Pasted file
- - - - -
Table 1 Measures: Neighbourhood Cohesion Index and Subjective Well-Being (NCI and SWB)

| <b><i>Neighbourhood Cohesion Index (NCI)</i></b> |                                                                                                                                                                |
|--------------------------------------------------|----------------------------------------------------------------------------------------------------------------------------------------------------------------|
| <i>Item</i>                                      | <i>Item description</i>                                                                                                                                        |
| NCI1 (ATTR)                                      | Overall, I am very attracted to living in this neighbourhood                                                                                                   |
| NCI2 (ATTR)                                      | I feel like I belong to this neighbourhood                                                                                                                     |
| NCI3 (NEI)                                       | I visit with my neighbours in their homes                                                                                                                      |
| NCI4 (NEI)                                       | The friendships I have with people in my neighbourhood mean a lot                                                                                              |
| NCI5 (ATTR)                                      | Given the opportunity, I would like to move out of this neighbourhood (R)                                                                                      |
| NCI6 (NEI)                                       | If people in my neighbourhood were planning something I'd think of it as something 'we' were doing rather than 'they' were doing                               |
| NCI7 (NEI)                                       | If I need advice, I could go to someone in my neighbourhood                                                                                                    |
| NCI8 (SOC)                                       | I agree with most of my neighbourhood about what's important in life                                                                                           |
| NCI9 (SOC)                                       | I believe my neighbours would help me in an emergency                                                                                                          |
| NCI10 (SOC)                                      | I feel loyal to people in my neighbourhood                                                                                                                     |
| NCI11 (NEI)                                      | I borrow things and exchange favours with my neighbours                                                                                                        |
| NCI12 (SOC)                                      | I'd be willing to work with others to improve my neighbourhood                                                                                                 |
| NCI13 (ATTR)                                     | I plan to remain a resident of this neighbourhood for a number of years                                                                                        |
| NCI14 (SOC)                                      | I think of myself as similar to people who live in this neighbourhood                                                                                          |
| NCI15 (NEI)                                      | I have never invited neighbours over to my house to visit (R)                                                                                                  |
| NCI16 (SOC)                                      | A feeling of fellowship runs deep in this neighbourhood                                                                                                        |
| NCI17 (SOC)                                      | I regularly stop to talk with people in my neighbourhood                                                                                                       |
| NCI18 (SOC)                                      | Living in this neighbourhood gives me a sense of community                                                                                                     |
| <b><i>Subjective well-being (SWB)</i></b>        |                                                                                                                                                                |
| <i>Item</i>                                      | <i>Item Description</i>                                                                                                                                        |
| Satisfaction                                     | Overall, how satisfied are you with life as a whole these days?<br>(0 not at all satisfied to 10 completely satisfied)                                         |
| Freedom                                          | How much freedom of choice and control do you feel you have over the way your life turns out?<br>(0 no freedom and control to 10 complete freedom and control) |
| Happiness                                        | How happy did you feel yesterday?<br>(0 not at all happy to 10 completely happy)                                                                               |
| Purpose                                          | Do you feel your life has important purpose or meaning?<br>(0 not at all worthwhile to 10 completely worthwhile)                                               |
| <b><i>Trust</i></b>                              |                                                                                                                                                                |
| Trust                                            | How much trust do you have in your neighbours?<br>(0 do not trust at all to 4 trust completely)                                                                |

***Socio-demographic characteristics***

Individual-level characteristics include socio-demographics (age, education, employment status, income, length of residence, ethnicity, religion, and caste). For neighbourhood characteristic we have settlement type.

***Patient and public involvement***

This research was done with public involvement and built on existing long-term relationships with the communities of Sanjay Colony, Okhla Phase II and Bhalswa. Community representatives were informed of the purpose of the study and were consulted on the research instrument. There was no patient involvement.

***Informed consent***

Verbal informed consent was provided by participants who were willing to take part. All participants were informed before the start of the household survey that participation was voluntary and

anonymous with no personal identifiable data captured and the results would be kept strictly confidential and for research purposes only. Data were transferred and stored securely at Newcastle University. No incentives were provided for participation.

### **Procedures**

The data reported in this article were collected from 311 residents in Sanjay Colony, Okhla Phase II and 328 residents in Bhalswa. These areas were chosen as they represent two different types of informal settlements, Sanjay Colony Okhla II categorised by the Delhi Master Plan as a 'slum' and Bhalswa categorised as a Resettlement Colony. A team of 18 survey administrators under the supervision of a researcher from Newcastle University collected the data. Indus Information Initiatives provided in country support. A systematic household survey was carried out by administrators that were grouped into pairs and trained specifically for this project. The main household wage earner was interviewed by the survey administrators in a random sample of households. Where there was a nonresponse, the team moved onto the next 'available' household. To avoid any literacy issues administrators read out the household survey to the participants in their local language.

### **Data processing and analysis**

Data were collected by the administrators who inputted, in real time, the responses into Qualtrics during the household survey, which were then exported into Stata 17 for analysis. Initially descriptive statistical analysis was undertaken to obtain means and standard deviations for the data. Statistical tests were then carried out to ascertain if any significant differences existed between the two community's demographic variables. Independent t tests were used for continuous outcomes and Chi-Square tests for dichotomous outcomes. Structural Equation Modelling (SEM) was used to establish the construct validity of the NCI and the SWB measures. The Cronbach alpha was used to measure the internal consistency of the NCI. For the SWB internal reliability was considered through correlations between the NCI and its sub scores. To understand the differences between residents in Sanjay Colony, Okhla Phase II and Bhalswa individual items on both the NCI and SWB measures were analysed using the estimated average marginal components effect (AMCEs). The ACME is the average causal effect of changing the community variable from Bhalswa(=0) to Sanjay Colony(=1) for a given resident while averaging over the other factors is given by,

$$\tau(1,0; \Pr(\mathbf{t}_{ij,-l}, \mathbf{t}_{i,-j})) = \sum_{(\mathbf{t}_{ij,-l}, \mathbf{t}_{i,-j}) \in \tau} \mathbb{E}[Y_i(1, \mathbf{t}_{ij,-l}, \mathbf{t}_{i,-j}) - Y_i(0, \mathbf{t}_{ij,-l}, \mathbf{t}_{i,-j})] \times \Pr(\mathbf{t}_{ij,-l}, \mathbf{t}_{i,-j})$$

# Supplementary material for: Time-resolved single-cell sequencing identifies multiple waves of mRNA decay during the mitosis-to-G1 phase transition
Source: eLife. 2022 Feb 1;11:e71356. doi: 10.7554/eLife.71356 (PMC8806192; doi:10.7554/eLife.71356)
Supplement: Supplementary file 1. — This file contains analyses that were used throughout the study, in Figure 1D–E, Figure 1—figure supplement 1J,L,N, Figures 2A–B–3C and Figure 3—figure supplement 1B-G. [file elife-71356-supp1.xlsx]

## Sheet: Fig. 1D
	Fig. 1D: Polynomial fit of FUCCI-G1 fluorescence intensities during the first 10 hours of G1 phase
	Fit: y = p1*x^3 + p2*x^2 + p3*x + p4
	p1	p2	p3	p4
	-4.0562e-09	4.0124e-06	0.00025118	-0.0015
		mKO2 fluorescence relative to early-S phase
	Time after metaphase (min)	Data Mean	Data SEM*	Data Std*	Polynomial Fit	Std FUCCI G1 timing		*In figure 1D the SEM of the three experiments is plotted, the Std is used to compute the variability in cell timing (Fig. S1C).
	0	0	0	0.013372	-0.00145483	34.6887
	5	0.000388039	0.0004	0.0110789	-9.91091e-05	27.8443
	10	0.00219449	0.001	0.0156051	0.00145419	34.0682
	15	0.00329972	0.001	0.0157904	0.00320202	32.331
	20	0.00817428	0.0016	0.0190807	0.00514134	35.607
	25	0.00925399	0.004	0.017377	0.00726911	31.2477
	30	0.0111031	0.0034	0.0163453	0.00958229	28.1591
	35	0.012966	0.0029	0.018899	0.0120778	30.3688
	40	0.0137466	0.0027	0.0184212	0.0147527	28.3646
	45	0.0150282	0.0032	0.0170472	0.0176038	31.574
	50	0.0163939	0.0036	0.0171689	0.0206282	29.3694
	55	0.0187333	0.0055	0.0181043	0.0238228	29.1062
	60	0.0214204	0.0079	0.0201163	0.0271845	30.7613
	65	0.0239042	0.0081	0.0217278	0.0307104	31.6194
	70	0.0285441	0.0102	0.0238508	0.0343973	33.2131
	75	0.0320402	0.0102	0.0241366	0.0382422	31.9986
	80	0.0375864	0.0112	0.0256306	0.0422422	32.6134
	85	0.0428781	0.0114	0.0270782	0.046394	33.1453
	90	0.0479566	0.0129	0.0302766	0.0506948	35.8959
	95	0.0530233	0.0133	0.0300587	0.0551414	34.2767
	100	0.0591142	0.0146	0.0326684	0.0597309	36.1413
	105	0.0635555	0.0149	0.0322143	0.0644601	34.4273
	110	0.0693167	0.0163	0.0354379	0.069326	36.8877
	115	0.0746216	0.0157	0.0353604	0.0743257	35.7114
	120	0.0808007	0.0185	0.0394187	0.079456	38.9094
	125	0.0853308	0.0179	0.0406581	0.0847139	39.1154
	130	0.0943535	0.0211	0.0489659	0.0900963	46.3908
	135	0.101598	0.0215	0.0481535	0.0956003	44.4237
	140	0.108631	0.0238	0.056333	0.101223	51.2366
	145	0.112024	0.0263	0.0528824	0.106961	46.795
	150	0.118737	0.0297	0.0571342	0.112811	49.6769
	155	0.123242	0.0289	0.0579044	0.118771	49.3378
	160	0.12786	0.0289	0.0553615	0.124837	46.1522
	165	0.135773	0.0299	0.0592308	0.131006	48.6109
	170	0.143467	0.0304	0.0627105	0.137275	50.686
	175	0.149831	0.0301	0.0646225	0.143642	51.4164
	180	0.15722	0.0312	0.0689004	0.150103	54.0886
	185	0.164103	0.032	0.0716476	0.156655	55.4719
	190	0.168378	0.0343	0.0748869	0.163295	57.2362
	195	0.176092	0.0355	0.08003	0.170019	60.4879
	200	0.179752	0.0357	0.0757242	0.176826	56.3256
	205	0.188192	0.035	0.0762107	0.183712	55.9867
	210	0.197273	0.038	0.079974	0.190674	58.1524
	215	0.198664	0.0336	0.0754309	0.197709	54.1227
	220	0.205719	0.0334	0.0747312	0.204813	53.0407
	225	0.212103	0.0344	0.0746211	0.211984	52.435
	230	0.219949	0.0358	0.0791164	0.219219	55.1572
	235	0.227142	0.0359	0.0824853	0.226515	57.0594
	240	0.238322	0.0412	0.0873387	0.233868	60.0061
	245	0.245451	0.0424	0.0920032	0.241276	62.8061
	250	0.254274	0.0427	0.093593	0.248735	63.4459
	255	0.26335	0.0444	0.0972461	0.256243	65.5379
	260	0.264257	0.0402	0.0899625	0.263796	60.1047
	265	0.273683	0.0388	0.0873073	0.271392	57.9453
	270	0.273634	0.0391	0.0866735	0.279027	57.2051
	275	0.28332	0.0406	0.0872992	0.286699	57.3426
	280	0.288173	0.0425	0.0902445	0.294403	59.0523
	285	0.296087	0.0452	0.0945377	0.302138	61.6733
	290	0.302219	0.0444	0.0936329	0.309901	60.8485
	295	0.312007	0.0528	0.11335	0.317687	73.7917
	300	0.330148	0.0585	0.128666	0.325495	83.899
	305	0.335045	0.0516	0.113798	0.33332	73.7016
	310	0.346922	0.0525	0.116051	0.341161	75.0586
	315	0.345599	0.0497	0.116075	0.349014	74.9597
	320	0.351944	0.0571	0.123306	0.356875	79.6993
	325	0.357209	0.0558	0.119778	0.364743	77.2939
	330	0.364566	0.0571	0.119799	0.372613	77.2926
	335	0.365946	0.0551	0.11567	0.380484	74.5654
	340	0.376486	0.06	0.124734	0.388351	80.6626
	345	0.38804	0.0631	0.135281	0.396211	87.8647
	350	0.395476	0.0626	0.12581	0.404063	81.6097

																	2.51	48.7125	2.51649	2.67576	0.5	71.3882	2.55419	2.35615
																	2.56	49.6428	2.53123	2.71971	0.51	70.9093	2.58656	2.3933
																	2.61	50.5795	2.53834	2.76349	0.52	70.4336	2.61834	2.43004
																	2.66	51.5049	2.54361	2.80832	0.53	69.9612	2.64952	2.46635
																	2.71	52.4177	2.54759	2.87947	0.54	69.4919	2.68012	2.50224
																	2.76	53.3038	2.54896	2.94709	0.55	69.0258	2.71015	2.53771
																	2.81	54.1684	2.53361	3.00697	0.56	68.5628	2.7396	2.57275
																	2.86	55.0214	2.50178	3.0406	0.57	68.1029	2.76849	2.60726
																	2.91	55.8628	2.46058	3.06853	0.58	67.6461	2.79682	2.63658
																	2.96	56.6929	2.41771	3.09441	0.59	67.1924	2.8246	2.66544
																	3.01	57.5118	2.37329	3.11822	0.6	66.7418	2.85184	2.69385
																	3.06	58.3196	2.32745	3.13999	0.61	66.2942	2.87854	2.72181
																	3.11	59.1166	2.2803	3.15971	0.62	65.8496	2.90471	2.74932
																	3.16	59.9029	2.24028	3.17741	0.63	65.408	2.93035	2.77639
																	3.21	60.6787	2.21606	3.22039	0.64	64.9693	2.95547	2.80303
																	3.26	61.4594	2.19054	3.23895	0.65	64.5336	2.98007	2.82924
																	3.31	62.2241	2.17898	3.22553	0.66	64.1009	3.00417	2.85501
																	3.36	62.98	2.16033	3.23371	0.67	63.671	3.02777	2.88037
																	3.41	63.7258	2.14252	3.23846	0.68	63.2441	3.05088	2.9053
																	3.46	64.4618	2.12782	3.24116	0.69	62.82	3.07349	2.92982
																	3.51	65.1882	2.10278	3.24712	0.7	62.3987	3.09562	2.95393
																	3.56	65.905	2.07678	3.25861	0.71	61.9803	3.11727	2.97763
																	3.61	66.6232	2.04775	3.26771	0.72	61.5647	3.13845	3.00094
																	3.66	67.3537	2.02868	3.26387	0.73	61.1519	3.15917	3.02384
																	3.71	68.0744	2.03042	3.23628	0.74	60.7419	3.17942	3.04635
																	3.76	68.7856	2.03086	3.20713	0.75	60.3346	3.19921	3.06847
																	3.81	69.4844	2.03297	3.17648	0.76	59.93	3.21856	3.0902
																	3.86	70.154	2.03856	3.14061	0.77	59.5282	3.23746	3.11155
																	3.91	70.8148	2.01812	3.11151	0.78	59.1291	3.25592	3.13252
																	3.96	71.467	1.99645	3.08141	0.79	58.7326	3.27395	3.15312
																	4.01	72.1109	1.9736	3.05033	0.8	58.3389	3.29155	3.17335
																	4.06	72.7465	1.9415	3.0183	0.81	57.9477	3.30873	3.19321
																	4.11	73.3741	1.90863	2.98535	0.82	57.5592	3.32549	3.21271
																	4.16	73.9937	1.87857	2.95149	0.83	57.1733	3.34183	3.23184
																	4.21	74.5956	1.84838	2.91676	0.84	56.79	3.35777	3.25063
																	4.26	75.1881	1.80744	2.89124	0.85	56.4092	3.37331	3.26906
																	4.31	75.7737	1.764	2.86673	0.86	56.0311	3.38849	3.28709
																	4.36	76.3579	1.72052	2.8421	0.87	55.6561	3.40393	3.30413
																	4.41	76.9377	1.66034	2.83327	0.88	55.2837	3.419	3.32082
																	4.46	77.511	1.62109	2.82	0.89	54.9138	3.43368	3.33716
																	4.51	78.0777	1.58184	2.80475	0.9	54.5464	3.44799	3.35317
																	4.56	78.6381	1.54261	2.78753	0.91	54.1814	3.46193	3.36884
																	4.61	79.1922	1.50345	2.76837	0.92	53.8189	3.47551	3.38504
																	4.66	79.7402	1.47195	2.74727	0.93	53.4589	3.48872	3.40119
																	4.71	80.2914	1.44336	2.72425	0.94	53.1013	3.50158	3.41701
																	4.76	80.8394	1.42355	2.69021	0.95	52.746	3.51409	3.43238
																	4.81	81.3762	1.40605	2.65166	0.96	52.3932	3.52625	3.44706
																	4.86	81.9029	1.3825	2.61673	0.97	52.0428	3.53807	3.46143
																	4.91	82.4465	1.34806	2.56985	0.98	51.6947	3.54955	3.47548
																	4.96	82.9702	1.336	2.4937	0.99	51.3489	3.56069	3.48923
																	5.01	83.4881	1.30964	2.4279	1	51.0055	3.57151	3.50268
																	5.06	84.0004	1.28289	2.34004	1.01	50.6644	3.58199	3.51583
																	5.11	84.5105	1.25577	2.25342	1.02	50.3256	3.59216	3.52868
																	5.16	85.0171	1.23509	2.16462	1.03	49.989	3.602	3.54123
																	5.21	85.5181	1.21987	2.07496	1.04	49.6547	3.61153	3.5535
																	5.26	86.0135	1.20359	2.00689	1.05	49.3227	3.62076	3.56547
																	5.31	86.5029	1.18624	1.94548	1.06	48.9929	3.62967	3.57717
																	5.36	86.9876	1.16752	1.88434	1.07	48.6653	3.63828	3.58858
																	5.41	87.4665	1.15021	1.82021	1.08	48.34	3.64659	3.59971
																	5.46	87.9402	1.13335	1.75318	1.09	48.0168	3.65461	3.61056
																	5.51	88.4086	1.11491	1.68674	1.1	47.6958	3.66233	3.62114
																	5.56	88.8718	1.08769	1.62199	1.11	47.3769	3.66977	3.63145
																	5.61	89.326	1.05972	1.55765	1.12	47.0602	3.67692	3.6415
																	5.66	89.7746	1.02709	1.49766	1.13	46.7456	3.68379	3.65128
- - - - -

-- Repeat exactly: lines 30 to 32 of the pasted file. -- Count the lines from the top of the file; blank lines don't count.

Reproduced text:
| Trust                                            | How much trust do you have in your neighbours?<br>(0 do not trust at all to 4 trust completely)                                                                |

***Socio-demographic characteristics***

Individual-level characteristics include socio-demographics (age, education, employment status, income, length of residence, ethnicity, religion, and caste). For neighbourhood characteristic we have settlement type.